Last week’s Impact Napa conference sponsored by the North Bay Business Journal included a presentation by economist Robert Eyler that focused on Napa’s future. The gist of it was that the labor situation in Napa Valley will continue to be challenging and that more Napa-based businesses are opening offices in the Southern part of the valley to draw talent from throughout the region.
Eyler cited a report by the Association of Bay Area Governments (ABAG) showing that Napa will have 163,000 residents by 2040, a 20 percent increase.
Labor is a key issue: Wines & Vines had a good summary of the presentation.
There was also a panel about the future of Napa Valley led by Richard Mendelson of Dickenson, Peatman & Fogarty, Peter Mondavi Jr. of C. Mondavi & Family, real estate appraiser Tony Correia, Bruce Phillips of Phillips Family Farming, and Bill Harlan of Harlan Estate.
Each spoke at length about the challenges and opportunities facing the industry. The Napa Valley Register ran a nice summary of what the panel discussed.
Tony Correia had interesting observations about grape pricing in Napa Valley, where the most sought after vineyards are commanding ever-higher grape prices.
The quotes that stuck with me, though, came from Bill Harlan. Speaking about the need to produce better and better wine to enhance the reputation of Napa, he said:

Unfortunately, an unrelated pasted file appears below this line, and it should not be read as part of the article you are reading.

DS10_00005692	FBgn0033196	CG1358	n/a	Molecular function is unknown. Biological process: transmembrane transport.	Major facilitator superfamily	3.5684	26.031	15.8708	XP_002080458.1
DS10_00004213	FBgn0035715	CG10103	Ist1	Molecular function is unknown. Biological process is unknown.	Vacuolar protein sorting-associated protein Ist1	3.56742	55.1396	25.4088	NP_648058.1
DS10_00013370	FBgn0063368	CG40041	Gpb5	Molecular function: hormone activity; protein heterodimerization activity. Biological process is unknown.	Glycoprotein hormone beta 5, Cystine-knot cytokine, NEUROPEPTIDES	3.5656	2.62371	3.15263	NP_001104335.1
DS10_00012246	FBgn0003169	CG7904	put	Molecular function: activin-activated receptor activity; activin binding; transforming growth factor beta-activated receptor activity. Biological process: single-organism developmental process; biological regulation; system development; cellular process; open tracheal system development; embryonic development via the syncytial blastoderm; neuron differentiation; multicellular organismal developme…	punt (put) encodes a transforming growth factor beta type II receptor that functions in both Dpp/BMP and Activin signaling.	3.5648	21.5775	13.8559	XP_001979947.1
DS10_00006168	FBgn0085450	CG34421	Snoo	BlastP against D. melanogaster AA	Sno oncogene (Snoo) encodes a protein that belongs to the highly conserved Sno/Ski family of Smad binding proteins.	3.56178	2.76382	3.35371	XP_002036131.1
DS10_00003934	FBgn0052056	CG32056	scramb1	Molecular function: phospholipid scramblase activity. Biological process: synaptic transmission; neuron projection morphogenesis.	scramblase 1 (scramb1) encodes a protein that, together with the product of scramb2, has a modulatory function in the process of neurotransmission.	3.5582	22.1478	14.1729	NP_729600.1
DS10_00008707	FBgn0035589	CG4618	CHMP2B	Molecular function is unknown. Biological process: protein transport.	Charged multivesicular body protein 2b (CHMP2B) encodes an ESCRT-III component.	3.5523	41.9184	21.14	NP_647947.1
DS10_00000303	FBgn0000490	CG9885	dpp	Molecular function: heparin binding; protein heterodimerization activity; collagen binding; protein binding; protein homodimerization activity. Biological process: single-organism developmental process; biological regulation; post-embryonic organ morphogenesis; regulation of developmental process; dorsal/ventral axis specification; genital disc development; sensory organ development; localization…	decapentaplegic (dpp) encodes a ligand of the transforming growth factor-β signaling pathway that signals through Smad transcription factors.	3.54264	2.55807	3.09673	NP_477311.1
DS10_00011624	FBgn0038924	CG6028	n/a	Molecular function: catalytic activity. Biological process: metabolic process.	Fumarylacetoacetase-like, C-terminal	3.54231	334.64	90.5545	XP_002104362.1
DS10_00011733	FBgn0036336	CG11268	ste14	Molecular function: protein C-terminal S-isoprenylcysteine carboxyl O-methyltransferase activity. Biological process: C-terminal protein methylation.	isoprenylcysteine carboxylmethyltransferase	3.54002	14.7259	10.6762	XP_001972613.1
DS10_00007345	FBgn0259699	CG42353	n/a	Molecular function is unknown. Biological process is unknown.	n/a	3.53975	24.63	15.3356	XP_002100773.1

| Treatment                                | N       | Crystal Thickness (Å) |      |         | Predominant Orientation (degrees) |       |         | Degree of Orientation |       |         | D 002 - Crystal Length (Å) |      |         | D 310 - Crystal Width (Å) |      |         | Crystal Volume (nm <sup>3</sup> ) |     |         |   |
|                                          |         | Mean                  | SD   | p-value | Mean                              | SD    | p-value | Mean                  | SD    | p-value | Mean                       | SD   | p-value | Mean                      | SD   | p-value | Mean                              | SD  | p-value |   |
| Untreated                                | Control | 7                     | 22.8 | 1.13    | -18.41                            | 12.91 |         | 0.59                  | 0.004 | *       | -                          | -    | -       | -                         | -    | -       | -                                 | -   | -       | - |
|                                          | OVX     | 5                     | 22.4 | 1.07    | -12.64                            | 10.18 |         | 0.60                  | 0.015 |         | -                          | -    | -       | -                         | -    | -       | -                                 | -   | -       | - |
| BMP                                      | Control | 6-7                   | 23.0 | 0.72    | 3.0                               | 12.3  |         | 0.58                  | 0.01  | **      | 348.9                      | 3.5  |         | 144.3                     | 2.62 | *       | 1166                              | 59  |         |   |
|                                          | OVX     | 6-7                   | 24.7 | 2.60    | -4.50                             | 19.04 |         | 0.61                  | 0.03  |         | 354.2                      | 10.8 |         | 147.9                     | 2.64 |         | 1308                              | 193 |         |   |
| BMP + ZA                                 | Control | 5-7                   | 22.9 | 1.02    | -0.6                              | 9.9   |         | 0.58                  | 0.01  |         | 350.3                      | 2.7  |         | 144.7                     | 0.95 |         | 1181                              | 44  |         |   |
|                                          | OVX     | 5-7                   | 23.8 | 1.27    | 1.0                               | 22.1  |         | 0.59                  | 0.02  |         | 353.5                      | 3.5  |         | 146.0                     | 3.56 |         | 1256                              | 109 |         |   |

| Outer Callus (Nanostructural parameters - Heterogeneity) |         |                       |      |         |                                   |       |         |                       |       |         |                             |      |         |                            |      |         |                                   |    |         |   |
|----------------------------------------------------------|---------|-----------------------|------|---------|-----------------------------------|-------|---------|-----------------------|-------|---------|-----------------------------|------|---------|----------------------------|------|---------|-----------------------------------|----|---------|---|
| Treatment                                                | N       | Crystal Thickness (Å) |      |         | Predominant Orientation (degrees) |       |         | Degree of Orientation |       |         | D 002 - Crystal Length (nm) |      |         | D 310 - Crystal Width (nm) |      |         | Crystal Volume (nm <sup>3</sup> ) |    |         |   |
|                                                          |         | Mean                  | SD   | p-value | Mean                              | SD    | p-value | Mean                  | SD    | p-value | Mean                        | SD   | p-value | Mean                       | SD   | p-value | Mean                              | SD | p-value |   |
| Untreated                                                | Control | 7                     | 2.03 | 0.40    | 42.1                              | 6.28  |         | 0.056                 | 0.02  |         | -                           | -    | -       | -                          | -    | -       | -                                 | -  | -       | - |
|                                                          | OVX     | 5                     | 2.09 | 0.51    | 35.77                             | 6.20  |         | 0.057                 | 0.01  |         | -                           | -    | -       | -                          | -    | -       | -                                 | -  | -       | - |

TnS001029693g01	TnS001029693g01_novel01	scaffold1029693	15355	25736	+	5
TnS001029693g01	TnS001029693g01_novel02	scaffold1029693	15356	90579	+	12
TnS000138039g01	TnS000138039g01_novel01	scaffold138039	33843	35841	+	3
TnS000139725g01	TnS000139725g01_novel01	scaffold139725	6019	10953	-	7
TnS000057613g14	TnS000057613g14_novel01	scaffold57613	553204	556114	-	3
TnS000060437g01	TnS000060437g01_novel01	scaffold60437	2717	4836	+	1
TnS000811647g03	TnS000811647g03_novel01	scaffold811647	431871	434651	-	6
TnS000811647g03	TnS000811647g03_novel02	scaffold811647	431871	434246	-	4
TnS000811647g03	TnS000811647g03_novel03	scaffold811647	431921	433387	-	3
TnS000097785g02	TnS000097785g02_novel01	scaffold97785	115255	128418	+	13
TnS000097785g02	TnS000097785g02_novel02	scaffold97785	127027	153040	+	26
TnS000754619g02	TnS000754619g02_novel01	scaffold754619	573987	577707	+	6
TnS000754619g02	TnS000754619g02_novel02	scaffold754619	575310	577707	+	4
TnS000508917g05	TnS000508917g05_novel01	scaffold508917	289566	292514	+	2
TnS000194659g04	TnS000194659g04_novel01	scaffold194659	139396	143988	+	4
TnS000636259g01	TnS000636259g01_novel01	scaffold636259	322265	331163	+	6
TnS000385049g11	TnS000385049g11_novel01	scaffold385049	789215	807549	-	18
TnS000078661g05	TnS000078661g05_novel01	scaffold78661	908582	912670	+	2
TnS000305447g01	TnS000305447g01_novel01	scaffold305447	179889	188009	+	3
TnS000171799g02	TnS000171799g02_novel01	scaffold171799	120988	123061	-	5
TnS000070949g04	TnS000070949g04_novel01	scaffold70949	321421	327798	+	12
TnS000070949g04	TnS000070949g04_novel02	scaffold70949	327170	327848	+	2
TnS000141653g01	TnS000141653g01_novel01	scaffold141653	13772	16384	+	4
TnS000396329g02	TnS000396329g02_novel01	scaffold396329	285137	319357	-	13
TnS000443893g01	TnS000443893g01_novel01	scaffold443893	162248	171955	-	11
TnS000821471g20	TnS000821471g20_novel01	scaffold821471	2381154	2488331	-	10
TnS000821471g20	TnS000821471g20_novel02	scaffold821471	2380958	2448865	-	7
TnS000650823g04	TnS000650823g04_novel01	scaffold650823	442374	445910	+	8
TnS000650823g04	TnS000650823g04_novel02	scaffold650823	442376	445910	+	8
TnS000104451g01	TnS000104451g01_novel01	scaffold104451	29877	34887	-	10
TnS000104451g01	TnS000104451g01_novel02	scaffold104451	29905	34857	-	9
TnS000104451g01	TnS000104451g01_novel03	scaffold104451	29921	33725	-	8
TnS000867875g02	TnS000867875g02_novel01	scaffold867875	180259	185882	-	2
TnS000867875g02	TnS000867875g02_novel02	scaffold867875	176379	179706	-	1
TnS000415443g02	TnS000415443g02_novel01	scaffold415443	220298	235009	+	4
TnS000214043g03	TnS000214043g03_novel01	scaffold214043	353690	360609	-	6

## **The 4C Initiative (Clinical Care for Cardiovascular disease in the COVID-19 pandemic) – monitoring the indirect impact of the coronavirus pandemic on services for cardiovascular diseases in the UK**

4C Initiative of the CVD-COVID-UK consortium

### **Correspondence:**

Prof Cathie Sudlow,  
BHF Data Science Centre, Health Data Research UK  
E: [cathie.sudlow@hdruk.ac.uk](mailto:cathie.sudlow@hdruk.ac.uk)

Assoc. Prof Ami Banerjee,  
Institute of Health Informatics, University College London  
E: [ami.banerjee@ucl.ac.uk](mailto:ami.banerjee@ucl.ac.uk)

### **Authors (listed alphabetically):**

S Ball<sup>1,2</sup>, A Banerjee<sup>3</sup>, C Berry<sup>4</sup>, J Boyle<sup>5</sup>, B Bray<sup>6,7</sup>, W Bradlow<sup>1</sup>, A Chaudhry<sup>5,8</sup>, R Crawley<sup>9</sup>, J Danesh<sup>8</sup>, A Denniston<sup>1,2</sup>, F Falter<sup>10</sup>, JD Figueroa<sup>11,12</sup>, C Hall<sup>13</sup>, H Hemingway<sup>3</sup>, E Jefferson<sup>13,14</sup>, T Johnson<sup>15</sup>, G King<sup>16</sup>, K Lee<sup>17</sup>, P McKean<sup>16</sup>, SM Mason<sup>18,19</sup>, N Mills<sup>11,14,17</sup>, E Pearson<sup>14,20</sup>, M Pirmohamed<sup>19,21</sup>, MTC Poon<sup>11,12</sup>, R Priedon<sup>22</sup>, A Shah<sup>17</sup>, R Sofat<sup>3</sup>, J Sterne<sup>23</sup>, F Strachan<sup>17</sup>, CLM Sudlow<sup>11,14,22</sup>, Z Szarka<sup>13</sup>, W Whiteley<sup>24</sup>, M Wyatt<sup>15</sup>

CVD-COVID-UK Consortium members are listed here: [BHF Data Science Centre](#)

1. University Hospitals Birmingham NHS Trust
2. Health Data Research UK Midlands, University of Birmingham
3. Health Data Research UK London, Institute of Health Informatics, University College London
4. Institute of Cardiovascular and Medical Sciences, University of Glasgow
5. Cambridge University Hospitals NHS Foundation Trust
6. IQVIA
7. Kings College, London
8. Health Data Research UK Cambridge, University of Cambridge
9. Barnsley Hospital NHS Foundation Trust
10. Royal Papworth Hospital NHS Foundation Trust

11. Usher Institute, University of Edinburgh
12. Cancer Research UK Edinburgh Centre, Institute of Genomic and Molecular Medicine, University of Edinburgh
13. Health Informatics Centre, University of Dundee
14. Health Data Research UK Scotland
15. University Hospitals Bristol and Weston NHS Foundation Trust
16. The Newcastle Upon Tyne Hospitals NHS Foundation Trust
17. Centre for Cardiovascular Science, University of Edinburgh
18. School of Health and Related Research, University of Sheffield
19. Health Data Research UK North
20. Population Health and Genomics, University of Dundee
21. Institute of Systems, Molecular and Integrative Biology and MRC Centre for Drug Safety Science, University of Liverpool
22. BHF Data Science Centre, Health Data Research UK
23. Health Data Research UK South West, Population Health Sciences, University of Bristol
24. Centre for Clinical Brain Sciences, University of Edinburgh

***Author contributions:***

“We have been fortunate in past years to have critics, particularly one critic in particular named Robert Parker in Napa Valley. … We need to be ready to figure out how to sell our wines without scores. That’s going to take building relationships with professionals in the business that have a lot of influence on how a consumer makes a decision.”
Harlan also talked about traffic in the valley, and the fact that the hotels are at capacity during peak season, suggesting more could be done to get visitors to Napa Valley when it’s not peak season. I thought the quote of the day came when Harlan talked about wine tourism, saying: “We need to qualify customers, make sure we make it more interesting to the people who visit Napa Valley and then go home and buy our wines … We need to make it less interesting to people who come up to the Valley and they can’t really afford to buy our wines.”